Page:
Monthly Archives: January 2018
It was my first week on the job. As the list of yartzeits were called off, I did a double take. Hyman Schulman? THE Hyman Schulman? Well in fact it wasn’t THE Hyman Shulman, spelled S H U L M A N.
I glanced through the Center yearbook and did a double take again. Charles Moskovitz? THE Charles Moskowitz is a member here? No, not THE charles moskowitz, who spelled his name with a W” and who was born in the 1880s.
You see, I was looking for a connection- to family; to my brothers. Long before I worked alongside my sister-in law, I worked alongside two of my brothers, Brother Jesse Olitzky and Brother Howard Tilman. Brother Charles Moskowitz, along with Hyman Shulman and the rest of the “Immortal 11” founded Alpha Epsilon Pi Fraternity 115 years ago on the campus of New York University.
AEPI started as a fraternity based in Jewish values, as many of its early members were barred from joining other fraternal orders. Today, alumni total over 100,000. As a sophomore and junior, I held the position of Master, or President of the Alpha chapter at NYU. Some of my closest friends from college stem from this experience, and while we all attended different universities, the four clergy who share this brotherhood share both pride and fond memories of being a lifelong brother of AEPI. But the fraternity, as you may imagine, was not always all about the comroderary, fellowship, and call to improve our community. I entered as the second pledge class following a “reformation” of the chapter following a probationary period. National would God forbid cut ties all-together with its Alpha chapter. Our pledge period had what I’d call “hazing light” under tight scrutiny. Within a few years of graduating, the chapter had disbanded once again due to a number of issues and restarted once again. For while the vision of the Immortal 11 may have focused on togetherness and brotherhood, the modern chapters have been dealing with a pressing issue since the age of Animal house- “boys will be boys.” Even in our own pledge class, I remember the sense of acceptance because we thought to ourselves “well, compared to what we could have done…”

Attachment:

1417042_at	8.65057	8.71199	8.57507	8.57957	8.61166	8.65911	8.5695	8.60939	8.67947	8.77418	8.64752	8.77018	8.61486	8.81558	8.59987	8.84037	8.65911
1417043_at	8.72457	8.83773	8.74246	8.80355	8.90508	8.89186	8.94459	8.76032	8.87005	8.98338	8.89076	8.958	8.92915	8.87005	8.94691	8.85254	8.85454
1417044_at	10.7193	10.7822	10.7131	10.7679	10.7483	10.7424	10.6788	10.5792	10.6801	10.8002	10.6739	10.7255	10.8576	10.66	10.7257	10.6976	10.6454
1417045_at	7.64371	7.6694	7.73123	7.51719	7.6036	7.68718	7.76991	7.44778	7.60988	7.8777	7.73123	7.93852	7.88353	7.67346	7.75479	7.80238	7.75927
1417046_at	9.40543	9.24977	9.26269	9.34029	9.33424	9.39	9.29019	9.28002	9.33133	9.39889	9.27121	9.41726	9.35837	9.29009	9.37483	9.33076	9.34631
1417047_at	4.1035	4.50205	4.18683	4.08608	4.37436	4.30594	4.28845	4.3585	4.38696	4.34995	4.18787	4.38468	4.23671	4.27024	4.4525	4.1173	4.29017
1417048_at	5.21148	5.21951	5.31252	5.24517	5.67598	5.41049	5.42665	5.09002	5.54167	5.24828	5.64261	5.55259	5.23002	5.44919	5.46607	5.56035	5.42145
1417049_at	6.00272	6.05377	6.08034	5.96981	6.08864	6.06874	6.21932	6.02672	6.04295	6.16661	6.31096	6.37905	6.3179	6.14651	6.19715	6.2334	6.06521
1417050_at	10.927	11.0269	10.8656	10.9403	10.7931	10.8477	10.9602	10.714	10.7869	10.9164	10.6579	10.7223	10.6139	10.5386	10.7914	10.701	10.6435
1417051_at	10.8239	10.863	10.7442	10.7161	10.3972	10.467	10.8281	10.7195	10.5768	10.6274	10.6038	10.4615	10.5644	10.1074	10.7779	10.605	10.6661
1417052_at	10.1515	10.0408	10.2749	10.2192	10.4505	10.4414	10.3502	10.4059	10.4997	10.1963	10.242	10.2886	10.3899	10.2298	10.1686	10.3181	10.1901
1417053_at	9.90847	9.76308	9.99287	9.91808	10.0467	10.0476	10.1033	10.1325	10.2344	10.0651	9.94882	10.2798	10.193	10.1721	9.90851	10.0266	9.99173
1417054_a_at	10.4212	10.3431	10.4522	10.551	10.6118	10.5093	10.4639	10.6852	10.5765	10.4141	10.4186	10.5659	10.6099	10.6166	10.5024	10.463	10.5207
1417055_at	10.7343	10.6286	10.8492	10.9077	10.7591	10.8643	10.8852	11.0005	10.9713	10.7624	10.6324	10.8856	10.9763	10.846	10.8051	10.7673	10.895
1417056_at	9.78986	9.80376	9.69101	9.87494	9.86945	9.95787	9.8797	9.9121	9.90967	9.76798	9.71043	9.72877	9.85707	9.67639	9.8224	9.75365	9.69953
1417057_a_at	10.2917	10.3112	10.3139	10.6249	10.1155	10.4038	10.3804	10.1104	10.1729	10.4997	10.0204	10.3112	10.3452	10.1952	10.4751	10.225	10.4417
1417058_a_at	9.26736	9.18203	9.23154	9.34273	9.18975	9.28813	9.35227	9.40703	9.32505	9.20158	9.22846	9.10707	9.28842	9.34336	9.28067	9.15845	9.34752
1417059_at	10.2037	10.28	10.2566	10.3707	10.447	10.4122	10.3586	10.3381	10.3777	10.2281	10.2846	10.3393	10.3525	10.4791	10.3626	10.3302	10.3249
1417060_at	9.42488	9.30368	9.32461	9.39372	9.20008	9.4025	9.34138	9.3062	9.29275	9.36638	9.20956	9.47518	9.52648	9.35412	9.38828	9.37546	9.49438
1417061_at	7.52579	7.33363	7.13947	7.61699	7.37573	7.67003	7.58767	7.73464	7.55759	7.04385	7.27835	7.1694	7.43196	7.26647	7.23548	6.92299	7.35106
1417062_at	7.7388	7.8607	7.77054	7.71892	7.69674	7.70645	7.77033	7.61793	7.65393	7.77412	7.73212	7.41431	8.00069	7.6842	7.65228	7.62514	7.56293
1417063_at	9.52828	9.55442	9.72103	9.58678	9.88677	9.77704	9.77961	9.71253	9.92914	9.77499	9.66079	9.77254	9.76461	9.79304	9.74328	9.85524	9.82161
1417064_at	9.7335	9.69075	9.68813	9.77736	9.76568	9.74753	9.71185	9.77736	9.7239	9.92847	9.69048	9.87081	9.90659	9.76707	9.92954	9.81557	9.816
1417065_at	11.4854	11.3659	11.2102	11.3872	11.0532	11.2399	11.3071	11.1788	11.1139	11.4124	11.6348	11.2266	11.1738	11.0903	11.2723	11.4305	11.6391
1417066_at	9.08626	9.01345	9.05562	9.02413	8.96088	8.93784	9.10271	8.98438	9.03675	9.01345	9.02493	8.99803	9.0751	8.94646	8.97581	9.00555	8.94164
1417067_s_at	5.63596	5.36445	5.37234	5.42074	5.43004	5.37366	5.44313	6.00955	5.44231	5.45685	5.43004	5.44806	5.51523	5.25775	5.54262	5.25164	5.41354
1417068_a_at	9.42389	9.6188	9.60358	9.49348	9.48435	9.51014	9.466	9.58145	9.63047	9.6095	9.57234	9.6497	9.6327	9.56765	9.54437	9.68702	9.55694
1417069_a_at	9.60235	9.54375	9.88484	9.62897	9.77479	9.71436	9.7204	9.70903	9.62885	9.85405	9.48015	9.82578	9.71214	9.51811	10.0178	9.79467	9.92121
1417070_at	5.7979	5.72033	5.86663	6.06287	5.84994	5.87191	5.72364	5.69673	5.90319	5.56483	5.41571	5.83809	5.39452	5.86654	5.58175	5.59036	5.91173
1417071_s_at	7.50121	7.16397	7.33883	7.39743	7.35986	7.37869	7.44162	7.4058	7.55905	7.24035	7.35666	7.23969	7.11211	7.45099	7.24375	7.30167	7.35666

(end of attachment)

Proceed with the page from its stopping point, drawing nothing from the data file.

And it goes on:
I’ve seen the acceptance of this world of the “old boys club” in other places. It’s taken over a decade to slowly change the culture of my own Cantors Assembly, where conventions used to be marred by inappropriate language or behavior. The back room, where colleagues share in a cigar, a drink, and conduct unfit for a person of the cloth, exists for many organizations. There are typically two reactions to this- You can be shocked, or not surprised all.
I say this in recognition of the sentencing this week of Dr. Larry Nassar. As Washington Post columnist Sally Jenkins writes:
“It’s only the worst sex abuse scandal in the history of sports, and maybe in the history of this country. USA Gymnastics not only allowed serial pedophile Larry Nassar unsupervised access to the scores of girls in its charge over 30 years, it required them to submit to him and his utterly unjustifiable (vaginal) examinations. There was no saying, ‘I don’t like this doctor, I want my own.’ The organizations systematically deprived them of any right to say no, to ask for alternate treatment. It makes Hollywood rapes look principled.”
Charles Pierce of Sports Illustrated contends: